Evening Primrose (Oenothera biennis)

a-Tocopherol 0 16
b-Tocopherol 52 0
Gamma tocopherol 659 335

Figure 3 Eskin, N.A., 2008.

Comparing the Phenolic compounds in Borage (Borago officinalis) and Evening Primrose (Oenothera biennis)

Phenolic compounds are antioxidants and contribute scent, bitterness, astringency, and pungency.    They play a role in sunscreens, anti-aging products, anti-inflammatory products, and medicinal products in the cosmetics industry. (Dias et al., 2020)



% Phenolic Compounds


Borage(Borago officinalis) 50.2% Ferulic Acid also traces caffeic, gallic, and vanillic acid. (Zadernowski et al., 2002) Many skin creams and sunscreens developed for photoprotection contain ferulic acid as an active component. UV repair and protection. It has been used as part of a composition of a cream to help prevent alopecia, seborrhea, and pruritis. (Graf, 1992)
Evening Primrose(Oenothera biennis) Total 58.8% Gallic acid and protocatechuic acid (Zadernowski et al., 2002)  Topically applied Gallic and Protocatechuic acids were found to induce the synthesis of type I collagen. These acids are used in formulations to prevent fine lines due to aging and photoaging (Hwang et al., 2014), (Shin et al., 2019)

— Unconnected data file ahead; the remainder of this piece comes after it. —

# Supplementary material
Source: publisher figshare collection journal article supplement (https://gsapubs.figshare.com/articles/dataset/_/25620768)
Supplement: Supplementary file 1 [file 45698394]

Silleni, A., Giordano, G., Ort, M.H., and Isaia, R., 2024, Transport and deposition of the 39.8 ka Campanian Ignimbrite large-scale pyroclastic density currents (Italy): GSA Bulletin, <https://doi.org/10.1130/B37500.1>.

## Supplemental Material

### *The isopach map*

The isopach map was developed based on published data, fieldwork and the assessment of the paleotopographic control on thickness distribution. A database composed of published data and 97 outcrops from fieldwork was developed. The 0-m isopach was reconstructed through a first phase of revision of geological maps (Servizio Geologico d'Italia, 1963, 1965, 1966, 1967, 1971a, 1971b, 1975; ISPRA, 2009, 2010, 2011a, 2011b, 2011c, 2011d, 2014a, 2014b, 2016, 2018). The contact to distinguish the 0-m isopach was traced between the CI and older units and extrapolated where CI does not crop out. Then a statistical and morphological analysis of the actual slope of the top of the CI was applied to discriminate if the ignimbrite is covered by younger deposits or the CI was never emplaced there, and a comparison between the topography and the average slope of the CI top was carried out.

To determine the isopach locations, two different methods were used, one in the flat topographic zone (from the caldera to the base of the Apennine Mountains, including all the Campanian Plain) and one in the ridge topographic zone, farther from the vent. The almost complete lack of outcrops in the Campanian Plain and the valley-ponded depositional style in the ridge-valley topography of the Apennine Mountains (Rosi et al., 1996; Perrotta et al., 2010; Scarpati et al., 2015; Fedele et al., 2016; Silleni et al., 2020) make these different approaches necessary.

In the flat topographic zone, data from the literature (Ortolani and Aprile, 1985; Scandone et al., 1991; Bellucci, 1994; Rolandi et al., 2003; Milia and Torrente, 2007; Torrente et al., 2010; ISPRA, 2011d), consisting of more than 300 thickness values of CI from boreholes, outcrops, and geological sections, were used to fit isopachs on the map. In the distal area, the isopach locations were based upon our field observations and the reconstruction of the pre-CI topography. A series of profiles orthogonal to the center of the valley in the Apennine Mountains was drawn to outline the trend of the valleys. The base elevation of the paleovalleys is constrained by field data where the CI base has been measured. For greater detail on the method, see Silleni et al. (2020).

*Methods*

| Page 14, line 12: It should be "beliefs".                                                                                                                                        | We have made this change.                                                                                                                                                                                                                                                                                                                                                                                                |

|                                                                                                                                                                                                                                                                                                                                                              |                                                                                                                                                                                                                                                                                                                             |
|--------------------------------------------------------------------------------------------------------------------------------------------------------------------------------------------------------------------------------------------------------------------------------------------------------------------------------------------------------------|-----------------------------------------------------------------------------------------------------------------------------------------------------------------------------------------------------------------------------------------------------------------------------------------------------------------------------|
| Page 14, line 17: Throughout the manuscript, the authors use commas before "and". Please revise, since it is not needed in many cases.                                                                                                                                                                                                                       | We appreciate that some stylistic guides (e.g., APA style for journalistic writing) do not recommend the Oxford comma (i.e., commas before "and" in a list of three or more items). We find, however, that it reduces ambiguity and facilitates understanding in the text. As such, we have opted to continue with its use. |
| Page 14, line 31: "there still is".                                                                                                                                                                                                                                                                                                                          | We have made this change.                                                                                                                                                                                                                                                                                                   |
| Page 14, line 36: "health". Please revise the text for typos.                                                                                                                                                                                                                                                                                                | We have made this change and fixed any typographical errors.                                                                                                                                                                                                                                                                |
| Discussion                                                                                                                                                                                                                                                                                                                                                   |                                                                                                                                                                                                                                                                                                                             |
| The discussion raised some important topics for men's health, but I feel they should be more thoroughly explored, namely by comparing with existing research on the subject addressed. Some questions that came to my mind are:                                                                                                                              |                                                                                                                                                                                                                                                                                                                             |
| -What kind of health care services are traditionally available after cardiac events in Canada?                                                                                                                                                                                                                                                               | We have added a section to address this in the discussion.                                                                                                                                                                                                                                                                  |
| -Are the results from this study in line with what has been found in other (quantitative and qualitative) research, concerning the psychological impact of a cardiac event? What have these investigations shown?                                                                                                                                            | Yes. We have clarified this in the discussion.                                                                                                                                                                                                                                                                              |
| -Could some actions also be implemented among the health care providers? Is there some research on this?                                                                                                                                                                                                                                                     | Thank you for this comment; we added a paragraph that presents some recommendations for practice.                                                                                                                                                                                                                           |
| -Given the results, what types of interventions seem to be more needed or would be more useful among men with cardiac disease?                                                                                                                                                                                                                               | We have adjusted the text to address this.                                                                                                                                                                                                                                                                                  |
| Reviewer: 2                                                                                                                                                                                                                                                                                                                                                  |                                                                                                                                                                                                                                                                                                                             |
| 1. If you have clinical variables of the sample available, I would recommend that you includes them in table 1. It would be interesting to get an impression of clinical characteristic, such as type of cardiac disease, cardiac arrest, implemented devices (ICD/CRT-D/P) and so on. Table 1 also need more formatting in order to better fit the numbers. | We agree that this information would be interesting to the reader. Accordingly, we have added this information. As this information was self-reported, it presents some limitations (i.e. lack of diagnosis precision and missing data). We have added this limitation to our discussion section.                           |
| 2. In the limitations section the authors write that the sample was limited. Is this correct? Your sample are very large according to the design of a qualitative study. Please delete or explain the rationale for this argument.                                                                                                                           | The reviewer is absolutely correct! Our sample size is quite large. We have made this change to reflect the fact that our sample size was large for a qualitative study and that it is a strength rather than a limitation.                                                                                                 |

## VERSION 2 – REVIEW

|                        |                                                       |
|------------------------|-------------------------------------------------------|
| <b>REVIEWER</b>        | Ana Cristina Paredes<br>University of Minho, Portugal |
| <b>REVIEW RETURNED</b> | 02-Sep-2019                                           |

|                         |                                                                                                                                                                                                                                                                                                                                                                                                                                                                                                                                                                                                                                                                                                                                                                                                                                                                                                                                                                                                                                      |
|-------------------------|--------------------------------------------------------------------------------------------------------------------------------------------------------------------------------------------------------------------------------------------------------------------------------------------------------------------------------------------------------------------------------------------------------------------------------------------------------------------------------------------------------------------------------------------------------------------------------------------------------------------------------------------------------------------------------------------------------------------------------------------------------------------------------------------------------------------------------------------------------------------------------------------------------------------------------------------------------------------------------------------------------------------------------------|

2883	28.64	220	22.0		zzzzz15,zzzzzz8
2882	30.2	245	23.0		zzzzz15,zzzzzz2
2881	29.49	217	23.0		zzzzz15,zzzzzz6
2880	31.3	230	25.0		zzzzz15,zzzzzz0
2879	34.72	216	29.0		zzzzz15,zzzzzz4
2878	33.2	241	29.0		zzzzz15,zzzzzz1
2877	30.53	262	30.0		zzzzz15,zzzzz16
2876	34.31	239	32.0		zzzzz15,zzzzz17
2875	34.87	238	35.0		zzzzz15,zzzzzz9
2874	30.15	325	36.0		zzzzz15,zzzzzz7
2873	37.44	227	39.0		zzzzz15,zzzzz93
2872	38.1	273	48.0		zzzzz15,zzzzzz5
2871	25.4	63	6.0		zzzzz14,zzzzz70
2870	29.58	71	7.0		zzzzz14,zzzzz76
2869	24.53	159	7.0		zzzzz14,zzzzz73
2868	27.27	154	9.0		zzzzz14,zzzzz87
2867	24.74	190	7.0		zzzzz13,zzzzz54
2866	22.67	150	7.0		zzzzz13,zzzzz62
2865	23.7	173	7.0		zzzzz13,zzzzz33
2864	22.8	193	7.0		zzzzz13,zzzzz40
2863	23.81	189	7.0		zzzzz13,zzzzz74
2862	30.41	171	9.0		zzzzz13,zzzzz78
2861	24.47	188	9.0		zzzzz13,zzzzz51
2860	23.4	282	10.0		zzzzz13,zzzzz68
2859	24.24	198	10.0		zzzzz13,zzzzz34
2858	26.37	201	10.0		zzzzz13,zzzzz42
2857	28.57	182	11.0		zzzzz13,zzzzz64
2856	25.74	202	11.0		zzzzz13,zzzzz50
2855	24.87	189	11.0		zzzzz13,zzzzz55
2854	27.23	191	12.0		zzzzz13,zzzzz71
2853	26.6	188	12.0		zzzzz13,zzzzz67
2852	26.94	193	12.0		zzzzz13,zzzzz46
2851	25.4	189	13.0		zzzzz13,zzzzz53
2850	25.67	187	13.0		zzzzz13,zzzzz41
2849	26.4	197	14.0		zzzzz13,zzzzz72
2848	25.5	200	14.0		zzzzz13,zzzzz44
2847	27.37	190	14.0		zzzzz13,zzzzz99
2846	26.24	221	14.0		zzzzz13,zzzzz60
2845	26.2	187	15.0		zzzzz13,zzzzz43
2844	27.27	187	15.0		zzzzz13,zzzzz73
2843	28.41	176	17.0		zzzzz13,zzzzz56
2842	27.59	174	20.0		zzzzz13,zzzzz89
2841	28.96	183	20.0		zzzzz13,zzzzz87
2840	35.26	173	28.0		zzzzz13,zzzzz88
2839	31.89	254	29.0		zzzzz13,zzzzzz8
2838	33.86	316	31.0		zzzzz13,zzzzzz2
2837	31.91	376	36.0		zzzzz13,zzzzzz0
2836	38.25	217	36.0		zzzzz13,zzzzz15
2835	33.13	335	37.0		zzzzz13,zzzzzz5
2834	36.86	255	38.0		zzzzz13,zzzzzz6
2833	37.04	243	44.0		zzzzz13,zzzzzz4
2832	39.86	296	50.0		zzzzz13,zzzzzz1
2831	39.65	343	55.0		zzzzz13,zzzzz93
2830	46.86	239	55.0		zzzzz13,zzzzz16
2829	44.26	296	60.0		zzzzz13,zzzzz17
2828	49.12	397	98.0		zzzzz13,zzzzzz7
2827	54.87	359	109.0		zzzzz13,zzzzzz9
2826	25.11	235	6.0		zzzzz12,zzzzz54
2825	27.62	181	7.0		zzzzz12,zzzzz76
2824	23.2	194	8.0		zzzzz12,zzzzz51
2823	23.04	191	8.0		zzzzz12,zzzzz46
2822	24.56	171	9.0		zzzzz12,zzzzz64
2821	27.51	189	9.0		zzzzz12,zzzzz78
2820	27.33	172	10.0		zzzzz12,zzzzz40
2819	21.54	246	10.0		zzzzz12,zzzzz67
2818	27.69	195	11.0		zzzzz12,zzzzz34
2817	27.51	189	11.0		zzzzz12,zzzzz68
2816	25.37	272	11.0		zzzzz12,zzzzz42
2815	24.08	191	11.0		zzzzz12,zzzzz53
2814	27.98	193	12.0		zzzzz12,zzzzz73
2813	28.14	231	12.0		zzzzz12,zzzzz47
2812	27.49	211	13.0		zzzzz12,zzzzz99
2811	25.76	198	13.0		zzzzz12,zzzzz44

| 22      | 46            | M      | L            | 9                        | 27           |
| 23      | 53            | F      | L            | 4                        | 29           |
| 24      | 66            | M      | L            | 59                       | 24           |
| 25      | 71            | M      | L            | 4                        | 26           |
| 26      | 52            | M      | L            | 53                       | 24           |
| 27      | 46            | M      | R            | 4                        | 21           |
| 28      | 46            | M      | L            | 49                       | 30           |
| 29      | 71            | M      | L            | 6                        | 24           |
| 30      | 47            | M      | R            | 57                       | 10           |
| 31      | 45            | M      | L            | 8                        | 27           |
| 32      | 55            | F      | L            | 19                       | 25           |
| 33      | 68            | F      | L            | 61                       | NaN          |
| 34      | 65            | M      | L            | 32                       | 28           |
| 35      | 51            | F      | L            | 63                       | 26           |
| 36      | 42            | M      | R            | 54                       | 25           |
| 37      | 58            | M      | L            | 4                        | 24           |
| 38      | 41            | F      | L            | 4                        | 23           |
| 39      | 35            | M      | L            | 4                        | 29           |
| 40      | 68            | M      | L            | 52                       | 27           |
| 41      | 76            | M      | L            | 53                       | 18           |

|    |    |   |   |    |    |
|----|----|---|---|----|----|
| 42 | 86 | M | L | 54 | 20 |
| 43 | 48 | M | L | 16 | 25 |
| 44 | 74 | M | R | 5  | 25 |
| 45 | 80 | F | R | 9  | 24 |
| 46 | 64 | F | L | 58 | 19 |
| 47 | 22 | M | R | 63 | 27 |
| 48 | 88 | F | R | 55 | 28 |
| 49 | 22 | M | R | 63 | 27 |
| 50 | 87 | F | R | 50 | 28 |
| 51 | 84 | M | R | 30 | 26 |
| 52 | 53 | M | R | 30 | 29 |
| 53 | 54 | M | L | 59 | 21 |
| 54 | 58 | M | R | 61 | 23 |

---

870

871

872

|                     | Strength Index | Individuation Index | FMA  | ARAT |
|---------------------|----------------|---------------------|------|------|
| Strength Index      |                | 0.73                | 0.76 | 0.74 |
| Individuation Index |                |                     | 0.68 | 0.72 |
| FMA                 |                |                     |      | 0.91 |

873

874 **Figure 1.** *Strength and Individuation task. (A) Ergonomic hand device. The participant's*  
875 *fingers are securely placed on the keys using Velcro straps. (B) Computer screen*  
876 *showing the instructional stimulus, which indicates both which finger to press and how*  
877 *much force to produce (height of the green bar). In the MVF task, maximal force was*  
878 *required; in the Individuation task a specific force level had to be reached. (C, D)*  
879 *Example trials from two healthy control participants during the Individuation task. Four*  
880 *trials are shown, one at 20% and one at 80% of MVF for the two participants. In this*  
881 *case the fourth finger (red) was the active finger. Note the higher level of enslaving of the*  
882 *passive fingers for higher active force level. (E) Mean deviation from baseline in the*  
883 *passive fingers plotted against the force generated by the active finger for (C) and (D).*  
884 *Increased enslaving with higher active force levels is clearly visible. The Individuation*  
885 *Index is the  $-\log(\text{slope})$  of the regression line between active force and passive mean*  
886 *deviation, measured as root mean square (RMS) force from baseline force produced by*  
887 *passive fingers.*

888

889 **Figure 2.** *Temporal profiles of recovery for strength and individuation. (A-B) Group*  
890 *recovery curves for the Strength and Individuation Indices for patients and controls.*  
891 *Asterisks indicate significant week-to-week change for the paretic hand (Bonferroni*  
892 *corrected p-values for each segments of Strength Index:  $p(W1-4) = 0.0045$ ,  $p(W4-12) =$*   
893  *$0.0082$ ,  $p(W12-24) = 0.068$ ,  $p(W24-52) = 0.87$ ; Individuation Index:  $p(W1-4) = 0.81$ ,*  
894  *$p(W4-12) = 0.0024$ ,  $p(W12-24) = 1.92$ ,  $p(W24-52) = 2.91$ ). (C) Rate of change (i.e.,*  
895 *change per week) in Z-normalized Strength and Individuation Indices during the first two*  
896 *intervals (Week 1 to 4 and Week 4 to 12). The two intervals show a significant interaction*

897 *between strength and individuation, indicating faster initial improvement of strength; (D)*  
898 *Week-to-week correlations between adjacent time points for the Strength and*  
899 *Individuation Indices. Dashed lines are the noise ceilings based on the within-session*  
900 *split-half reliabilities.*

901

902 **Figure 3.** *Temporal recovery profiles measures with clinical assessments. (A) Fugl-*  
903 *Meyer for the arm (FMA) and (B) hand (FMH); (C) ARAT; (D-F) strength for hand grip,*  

As we can see, evening primrose oil has a mild nurturing effect on the skin due to the compatibility of Linoleic fatty acid and high amounts of anti-aging Gallic, Protocatechuic phenolic compounds, and B-Sitosterol. As a result, it may be a better oil to employ in formulations for everyday skincare and anti-aging products.

On the other hand, Borage appears to contain a higher concentration of tocopherols, GLA, and ferulic acid. It is reasonable to conclude that Borage oil would be a better choice for dealing with acute cases of flared-up skin conditions, dry, chapped skin, and when we want a restorative and repair formulation, with the consideration of using the oil for a short-term basis.
So next time you want to choose between Borage and Evening Primrose, consider their differences and and their therapeutic applications.

References and Bibliography

Aksoz, E. et al., 2020. Vitamin E (α‐, β + γ‐ and δ‐tocopherol) levels in plant oils. Flavour and Fragrance Journal, 35(5), pp.504–510.

Anstey, A., Quigley, M. & Wilkinson, J.D., 1990. Topical evening primrose oil as treatment for atopic eczema. Journal of Dermatological Treatment, 1(4), pp.199–201.

Bergfeld, W.F. & Belsito, ; D.V., 2014. Washington.

Chakrabarti, P. & Sagili, R.R., 2020. Changes in Honeybee Head Proteome in Response to Dietary 24-Methylenecholesterol. Insects, 11(11), p.743.

Dias, R. et al., 2020. Recent advances in extracting phenolic compounds from food and their use in disease prevention and as cosmetics. Critical Reviews in Food Science and Nutrition, 61(7), pp.1130–1151.